IT’S A BIRD, IT’S A PLANE, IT’S A FLOP: A REVIEW OF “MAN OF STEEL”

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Man-Of-Steel-2013-640x360Ear-splitting sound effects, a chiseled but uncharismatic leading man, a host of talented actors flailing away in boring, underdeveloped roles, some wholly unnecessary tweaking of a comic book icon that hardly needed tweaking at all…these are just some of the things that make “Man of Steel”–actionmeister Zack Snyder’s Superman reboot–a little like a six-car pile-up on the LIE: you don’t want to keep looking at it–but you do.
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For those who have been living under a colossal chunk of Kryptonite all these years, the story, at least at the beginning, is a familiar one: during the last chaotic days of the planet Krypton, which is coming apart at the seams, famed scientist Jor-El and his wife, Lara, bundle their newborn son into a spaceship and send it off to Earth.  The baby, of course, becomes young Clark Kent, the adopted son of Midwest farmers Jonathan and Martha Kent; knowing the child is special–and learning, soon enough, that he possesses powers no one else on Earth can claim–the Kents convince him to keep his true identity a secret.
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Here’s where it gets a bit dodgy.  Instead of following Clark’s growth from boy to man in any kind of linear fashion, David S. Goyer’s script bounces back and forth.  We see a strapping Clark, perhaps twenty or so, saving the crew of a burning oil rig out in the middle of the ocean; then we see him, years earlier, being warned by his dad not to put his powers on full display until the time is right.  We see a teenaged Clark rescuing his friends after a school bus accident, and then Pa Kent (again!) warning him of the problems he’ll face once the world learns of his alien roots.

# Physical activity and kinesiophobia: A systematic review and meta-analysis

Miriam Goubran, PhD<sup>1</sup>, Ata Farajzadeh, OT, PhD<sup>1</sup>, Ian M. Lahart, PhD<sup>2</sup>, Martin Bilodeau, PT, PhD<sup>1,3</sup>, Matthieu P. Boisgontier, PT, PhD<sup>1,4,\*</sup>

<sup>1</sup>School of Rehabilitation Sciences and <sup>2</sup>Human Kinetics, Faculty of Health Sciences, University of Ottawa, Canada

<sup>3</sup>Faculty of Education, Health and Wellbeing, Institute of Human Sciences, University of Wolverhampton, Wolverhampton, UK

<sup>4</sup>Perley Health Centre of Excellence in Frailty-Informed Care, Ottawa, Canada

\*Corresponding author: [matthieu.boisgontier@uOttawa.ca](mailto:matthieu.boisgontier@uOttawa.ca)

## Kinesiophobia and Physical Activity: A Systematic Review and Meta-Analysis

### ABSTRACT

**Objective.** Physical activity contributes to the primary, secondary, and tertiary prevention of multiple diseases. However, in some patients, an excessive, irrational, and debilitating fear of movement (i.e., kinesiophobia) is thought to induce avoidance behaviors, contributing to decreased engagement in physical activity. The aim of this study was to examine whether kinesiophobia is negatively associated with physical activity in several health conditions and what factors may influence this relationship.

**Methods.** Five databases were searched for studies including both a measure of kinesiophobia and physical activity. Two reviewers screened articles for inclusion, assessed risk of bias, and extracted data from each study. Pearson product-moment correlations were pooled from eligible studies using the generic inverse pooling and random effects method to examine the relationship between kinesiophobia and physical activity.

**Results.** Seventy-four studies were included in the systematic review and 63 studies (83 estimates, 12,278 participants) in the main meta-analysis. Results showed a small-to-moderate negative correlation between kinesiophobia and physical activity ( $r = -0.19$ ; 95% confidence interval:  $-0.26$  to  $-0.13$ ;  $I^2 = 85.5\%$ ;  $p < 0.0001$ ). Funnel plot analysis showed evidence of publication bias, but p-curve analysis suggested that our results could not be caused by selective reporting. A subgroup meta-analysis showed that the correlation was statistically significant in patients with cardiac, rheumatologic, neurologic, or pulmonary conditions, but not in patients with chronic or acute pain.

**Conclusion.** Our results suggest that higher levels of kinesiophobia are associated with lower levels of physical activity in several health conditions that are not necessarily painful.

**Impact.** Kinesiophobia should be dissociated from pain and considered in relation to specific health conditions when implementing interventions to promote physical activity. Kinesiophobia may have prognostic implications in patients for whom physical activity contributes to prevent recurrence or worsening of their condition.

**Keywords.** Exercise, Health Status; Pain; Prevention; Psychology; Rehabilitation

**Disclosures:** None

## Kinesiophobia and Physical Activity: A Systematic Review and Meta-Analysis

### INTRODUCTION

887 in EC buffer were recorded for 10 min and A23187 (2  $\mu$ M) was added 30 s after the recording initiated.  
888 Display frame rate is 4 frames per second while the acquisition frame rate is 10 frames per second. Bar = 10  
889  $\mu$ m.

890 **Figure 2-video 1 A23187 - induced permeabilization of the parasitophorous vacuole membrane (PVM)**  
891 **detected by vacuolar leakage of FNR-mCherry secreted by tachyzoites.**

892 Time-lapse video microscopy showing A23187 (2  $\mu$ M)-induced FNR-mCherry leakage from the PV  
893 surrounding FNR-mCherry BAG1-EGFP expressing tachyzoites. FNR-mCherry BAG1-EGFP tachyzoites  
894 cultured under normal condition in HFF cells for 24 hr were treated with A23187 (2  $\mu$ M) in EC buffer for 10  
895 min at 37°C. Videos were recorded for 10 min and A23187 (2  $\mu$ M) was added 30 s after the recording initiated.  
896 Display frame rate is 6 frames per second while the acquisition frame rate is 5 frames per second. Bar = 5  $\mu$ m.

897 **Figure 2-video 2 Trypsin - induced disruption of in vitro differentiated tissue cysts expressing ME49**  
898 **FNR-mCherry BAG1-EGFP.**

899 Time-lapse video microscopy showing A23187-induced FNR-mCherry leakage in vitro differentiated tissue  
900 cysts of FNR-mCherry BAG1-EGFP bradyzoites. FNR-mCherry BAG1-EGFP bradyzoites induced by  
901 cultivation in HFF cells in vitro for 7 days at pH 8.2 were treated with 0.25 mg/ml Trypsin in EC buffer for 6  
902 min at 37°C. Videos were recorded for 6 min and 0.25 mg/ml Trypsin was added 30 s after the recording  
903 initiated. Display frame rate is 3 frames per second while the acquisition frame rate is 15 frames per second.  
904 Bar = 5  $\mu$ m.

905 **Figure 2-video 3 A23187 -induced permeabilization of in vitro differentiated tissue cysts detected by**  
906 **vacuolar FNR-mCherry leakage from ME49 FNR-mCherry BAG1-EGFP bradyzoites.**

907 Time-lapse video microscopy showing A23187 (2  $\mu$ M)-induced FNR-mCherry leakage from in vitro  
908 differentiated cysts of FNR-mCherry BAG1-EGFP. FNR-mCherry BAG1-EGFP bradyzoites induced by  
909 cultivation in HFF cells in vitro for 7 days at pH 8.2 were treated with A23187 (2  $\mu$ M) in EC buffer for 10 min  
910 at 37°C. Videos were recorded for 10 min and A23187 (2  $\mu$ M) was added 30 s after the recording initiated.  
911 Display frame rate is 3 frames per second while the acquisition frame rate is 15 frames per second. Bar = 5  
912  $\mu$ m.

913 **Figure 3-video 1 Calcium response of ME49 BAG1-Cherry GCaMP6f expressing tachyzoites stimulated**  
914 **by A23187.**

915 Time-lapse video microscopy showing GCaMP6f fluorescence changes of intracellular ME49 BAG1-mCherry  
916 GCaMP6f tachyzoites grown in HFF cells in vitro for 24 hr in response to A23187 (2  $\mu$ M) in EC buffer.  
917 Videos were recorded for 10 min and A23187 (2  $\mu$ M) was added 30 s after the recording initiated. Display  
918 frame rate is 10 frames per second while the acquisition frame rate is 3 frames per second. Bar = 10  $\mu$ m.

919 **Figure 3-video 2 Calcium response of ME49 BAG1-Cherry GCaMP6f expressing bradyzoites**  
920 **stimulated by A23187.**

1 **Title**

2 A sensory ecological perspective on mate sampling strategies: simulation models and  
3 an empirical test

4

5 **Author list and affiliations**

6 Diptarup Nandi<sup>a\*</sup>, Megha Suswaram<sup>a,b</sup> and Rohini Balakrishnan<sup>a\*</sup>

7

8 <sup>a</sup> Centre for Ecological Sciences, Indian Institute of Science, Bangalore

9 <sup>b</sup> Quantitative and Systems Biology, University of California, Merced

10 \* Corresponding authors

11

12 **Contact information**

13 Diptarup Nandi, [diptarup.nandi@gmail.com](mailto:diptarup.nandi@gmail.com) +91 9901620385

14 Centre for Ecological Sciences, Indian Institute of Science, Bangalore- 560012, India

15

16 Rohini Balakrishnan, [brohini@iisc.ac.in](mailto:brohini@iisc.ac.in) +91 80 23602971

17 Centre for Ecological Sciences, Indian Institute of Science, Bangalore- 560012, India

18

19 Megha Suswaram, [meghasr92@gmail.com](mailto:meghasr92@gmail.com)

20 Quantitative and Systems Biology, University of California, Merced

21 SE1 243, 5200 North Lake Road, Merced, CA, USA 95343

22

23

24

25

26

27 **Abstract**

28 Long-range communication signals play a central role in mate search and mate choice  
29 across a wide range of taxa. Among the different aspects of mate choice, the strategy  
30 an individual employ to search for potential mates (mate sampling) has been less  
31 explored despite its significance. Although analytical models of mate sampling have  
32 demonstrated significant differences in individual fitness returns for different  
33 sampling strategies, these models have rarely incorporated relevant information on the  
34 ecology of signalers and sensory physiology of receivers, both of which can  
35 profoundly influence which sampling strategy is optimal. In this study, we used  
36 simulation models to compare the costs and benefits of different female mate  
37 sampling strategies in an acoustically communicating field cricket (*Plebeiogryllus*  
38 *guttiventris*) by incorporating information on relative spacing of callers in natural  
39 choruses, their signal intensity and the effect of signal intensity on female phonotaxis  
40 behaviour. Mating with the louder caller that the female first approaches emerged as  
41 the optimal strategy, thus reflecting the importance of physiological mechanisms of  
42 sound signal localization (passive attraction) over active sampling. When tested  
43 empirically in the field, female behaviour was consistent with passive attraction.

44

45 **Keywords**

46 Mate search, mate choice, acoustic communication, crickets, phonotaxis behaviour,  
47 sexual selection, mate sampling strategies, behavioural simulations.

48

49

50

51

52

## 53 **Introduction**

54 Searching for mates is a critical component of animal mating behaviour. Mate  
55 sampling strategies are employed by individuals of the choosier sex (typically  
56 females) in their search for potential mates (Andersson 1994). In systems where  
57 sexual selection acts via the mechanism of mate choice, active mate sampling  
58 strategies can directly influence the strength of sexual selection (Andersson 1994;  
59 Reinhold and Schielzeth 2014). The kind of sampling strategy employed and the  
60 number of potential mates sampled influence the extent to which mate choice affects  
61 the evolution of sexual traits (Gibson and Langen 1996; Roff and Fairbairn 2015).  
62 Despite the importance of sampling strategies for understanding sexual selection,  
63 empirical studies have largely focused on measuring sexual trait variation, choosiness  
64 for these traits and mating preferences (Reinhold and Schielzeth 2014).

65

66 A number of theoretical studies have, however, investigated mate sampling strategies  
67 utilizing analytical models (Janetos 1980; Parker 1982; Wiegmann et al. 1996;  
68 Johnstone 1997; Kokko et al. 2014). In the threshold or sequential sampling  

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In fact, thanks to all the amazing feats of heroism and father-son chats–not to mention all the blockbuster-sized battles with the maniacal General Zod (newly-escaped from the infamous Phantom Zone)–Clark doesn’t even have the time to don those iconic horn-rimmed glasses and join the staff of the Daily Planet until the movie’s final moments.
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The cast does its best with some seriously one-dimensional roles.  Amy Adams’ Lois Lane, finding herself in one Perils of Pauline-type predicament after another, is tough and spunky and fearless to a fault, but little else; Michael Shannon’s Zod is so frothing-at-the-mouth fanatical that he quickly becomes tiresome; Kevin Costner’s Pa Kent is all craggy face and crinkly eyes and earnest, down-home wisdom; Diane Lane’s Ma Kent is all dewy-eyed dismay; Russell Crowe’s Jor-El, in full furrow-browed, worried-warrior mode, spends most of his time giving his son holographic pep talks or verbally lambasting his arch-enemy, Zod; and Laurence Fishburne’s Perry White is, for the most part, all lantern-jawed, steely-eyed business. Even our hero, played by British newcomer Henry Cavill, isn’t given much to work with: he’s handsome and haunted in some scenes, hot-tempered and hell-bent in others.
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There’s no denying it–“Man of Steel” is blacker and bleaker, even grittier, than its predecessors  (Credit for that, naturally, goes to the Prince of Darkness himself, Dark Knight auteur–and “Man of Steel” producer–Christopher Nolan.) This Son of Krypton actually looks like he’s putting some EFFORT into righting wrongs, beating the bad guys, and saving the woman he loves.  He grits his teeth, grunts, grimaces, and roars–loudly. But with its amped-up sound track and endless FX, “Man of Steel” soon becomes just as much of an effort to watch.
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Sometimes our pop culture icons are tweaked for the better.  Sometimes they’re tweaked for the worse. Despite its high-flying hero, this re-imagining of the Superman legend never quite gets off the ground.

14man2-popupFILM REVIEW by Stuart R. Brynien